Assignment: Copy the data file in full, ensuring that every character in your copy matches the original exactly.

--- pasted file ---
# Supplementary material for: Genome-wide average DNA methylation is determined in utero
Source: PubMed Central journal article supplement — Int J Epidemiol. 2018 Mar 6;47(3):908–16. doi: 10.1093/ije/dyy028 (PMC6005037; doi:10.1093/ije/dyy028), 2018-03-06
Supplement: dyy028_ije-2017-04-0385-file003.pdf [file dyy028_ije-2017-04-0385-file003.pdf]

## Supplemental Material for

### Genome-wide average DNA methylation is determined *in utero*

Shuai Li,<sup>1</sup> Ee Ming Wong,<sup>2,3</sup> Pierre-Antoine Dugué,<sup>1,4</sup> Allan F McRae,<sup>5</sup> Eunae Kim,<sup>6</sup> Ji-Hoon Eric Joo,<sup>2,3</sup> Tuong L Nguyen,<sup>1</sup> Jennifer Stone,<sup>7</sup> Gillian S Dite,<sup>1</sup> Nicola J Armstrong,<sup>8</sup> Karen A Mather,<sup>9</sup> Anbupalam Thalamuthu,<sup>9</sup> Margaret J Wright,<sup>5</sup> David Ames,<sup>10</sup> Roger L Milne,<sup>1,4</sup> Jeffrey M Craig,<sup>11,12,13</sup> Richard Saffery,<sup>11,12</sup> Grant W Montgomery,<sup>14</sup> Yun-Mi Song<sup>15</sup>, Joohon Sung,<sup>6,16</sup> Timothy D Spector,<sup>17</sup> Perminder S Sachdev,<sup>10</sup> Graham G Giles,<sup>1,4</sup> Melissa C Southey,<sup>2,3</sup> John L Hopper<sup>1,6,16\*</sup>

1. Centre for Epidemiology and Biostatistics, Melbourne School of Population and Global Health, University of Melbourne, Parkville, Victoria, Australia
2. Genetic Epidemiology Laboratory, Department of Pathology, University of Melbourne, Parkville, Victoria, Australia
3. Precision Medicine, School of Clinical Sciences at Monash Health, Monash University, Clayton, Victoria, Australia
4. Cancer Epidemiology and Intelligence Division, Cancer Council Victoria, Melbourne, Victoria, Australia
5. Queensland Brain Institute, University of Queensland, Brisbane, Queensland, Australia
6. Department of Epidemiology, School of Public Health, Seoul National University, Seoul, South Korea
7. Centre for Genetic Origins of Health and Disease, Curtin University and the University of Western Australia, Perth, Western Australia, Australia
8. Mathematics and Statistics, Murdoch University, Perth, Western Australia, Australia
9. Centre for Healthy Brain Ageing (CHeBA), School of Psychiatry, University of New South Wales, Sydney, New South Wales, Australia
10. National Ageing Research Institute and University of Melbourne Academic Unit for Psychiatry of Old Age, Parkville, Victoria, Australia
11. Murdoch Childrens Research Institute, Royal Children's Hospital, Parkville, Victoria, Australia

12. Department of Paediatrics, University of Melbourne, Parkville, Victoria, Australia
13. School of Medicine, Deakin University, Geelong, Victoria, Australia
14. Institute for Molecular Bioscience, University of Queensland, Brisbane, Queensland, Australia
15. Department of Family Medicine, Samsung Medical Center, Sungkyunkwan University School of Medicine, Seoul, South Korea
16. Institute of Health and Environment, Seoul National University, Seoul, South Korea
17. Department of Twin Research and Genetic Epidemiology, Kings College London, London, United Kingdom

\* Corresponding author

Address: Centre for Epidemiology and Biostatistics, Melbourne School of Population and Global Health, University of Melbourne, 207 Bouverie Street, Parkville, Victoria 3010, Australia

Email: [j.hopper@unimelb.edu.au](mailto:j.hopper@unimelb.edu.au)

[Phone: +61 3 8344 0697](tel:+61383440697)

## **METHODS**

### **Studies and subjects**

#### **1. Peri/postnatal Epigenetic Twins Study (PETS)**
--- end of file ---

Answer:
# Supplementary material for: Genome-wide average DNA methylation is determined in utero
Source: PubMed Central journal article supplement — Int J Epidemiol. 2018 Mar 6;47(3):908–16. doi: 10.1093/ije/dyy028 (PMC6005037; doi:10.1093/ije/dyy028), 2018-03-06
Supplement: dyy028_ije-2017-04-0385-file003.pdf [file dyy028_ije-2017-04-0385-file003.pdf]

## Supplemental Material for

### Genome-wide average DNA methylation is determined *in utero*

Shuai Li,<sup>1</sup> Ee Ming Wong,<sup>2,3</sup> Pierre-Antoine Dugué,<sup>1,4</sup> Allan F McRae,<sup>5</sup> Eunae Kim,<sup>6</sup> Ji-Hoon Eric Joo,<sup>2,3</sup> Tuong L Nguyen,<sup>1</sup> Jennifer Stone,<sup>7</sup> Gillian S Dite,<sup>1</sup> Nicola J Armstrong,<sup>8</sup> Karen A Mather,<sup>9</sup> Anbupalam Thalamuthu,<sup>9</sup> Margaret J Wright,<sup>5</sup> David Ames,<sup>10</sup> Roger L Milne,<sup>1,4</sup> Jeffrey M Craig,<sup>11,12,13</sup> Richard Saffery,<sup>11,12</sup> Grant W Montgomery,<sup>14</sup> Yun-Mi Song<sup>15</sup>, Joohon Sung,<sup>6,16</sup> Timothy D Spector,<sup>17</sup> Perminder S Sachdev,<sup>10</sup> Graham G Giles,<sup>1,4</sup> Melissa C Southey,<sup>2,3</sup> John L Hopper<sup>1,6,16\*</sup>

1. Centre for Epidemiology and Biostatistics, Melbourne School of Population and Global Health, University of Melbourne, Parkville, Victoria, Australia
2. Genetic Epidemiology Laboratory, Department of Pathology, University of Melbourne, Parkville, Victoria, Australia
3. Precision Medicine, School of Clinical Sciences at Monash Health, Monash University, Clayton, Victoria, Australia
4. Cancer Epidemiology and Intelligence Division, Cancer Council Victoria, Melbourne, Victoria, Australia
5. Queensland Brain Institute, University of Queensland, Brisbane, Queensland, Australia
6. Department of Epidemiology, School of Public Health, Seoul National University, Seoul, South Korea
7. Centre for Genetic Origins of Health and Disease, Curtin University and the University of Western Australia, Perth, Western Australia, Australia
8. Mathematics and Statistics, Murdoch University, Perth, Western Australia, Australia
9. Centre for Healthy Brain Ageing (CHeBA), School of Psychiatry, University of New South Wales, Sydney, New South Wales, Australia
10. National Ageing Research Institute and University of Melbourne Academic Unit for Psychiatry of Old Age, Parkville, Victoria, Australia
11. Murdoch Childrens Research Institute, Royal Children's Hospital, Parkville, Victoria, Australia

12. Department of Paediatrics, University of Melbourne, Parkville, Victoria, Australia
13. School of Medicine, Deakin University, Geelong, Victoria, Australia
14. Institute for Molecular Bioscience, University of Queensland, Brisbane, Queensland, Australia
15. Department of Family Medicine, Samsung Medical Center, Sungkyunkwan University School of Medicine, Seoul, South Korea
16. Institute of Health and Environment, Seoul National University, Seoul, South Korea
17. Department of Twin Research and Genetic Epidemiology, Kings College London, London, United Kingdom

\* Corresponding author

Address: Centre for Epidemiology and Biostatistics, Melbourne School of Population and Global Health, University of Melbourne, 207 Bouverie Street, Parkville, Victoria 3010, Australia

Email: [j.hopper@unimelb.edu.au](mailto:j.hopper@unimelb.edu.au)

[Phone: +61 3 8344 0697](tel:+61383440697)

## **METHODS**

### **Studies and subjects**

#### **1. Peri/postnatal Epigenetic Twins Study (PETS)**